The last month or so has seen a gut-wrenching fall in oil prices (and most asset prices in general). Declines so far have been (relatively) orderly – a 5% move for oil for example is par for the course – but some strange things have been happening in ETFs and ETNs . They should trade at fair value – that is, at a zero premium to the value of their assets. If they didn’t, there would be an opportunity for risk-free profits (known as arbitrage). But, as this Barron’s article relates, this has not been happening.
First, let’s remind ourselves what an ETF is and what it does
One of the key features is the ability to buy/sell units immediately from the ETF issuer, exchanging one’s units for the underlying assets, (ETF.com runs through the process in a reasonably clear fashion), or, if appropriate, executing an arbitrage programme, to buy the underlying shares, delivering them to the issuer and selling the ETF, thus keeping the prices of the two in line with each other. Unlike “closed end” funds, units can be constantly created/redeemed to meet demand, and the costs of new unit creation for OEICs, mutual funds and so on are met by the fund itself, (which means the existing holders , unless some sort of dilution levy is imposed). The costs of this for ETFs are met by the AP (Authorised Participant) and those actually buying and selling the ETF itself, which seems a much fairer way of operating.
So far, so good; what could possibly go wrong? As it happens, quite a bit, as the Barron’s article above explains, but other events have highlighted the dangers for retail investors. The first occurred during the “flash crash ” of 24/8/15, when steep declines in the S&P 500/Dow Jones etc, led to pricing delays, and wild variations in the premiums and discounts of the ETFs with their underlying assets. (This Vanguard article explains it in full.) The second occurred in January, as the oil price swings really started to get going.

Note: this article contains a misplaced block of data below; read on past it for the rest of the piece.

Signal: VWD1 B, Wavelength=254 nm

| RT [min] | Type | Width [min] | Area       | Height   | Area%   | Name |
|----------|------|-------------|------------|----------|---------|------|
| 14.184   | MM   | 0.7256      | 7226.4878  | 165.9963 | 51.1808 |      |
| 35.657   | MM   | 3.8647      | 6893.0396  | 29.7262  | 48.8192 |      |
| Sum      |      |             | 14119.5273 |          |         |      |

As the chart below demonstrates, the premium to fair value on the iPath Oil ETN (1) reached a mammoth 35% in mid-January, Barclays Bank had limited the creation of new units, thus preventing the arbitrage process that keeps ETF/ETN prices in line with the underlying value, with the below results.
The consequence was predictable – when new unit creation was recommenced, the ETN plummeted (-17%) on huge volume as retail investors were left with heavy losses as the price reconnected with fair value, even as the oil price actually rose. Institutional investors, of course, were unaffected, as they had sold the issue to their retail customers…the artificial inflation of the price led to massive losses for those short the issue in the run-up to a 35% premium, and then equally large losses for those unlucky (or imprudent) enough to be holding the issue when it finally collapsed.
Of course, Barclays had carefully ensured that it had no liability for this. It’s product summary contains the important disclaimer “Trading Market for the ETNs May Not Develop: Although the ETNs are listed on a U.S. national securities exchange, a trading market for the ETNs may not develop and the liquidity of the ETNs may be limited, as we are not required to maintain any listing of the ETNs”.
How to deal with these situations? We do not believe that this constitutes a fatal flaw in ETFs/ETNs in and of themselves. As with many things, it is the use something is put to, rather than the tool itself, that is the problem. Here at EBI, we have no real interest in commodity investing (as we see it, it is at best a zero sum game), but we are open to the possibilities that ETFs etc. provide. But it is vital to do the homework – there is no substitute for analysis, and we would absolutely never pay a premium to fair value for an ETF. Indeed, were it to happen in any of our holdings, we would most likely sell them, and buy an alternative, regardless of our views on the asset class concerned. Individual investors don’t necessarily have access to the data needed to make informed choices (or else Barclays et al would not get away with this behaviour), but we do, and so this should not happen. We aim to track our chosen indices, not beat them, so a premium/discount is a warning bell for us in itself..
Caveat emptor applies in these situations, but it is informed analysis that will prevent us falling victim to these scams (for that is what this was).
(1) ETN: An exchange traded note. See here for definitions, and the distinction between ETFs and ETNs.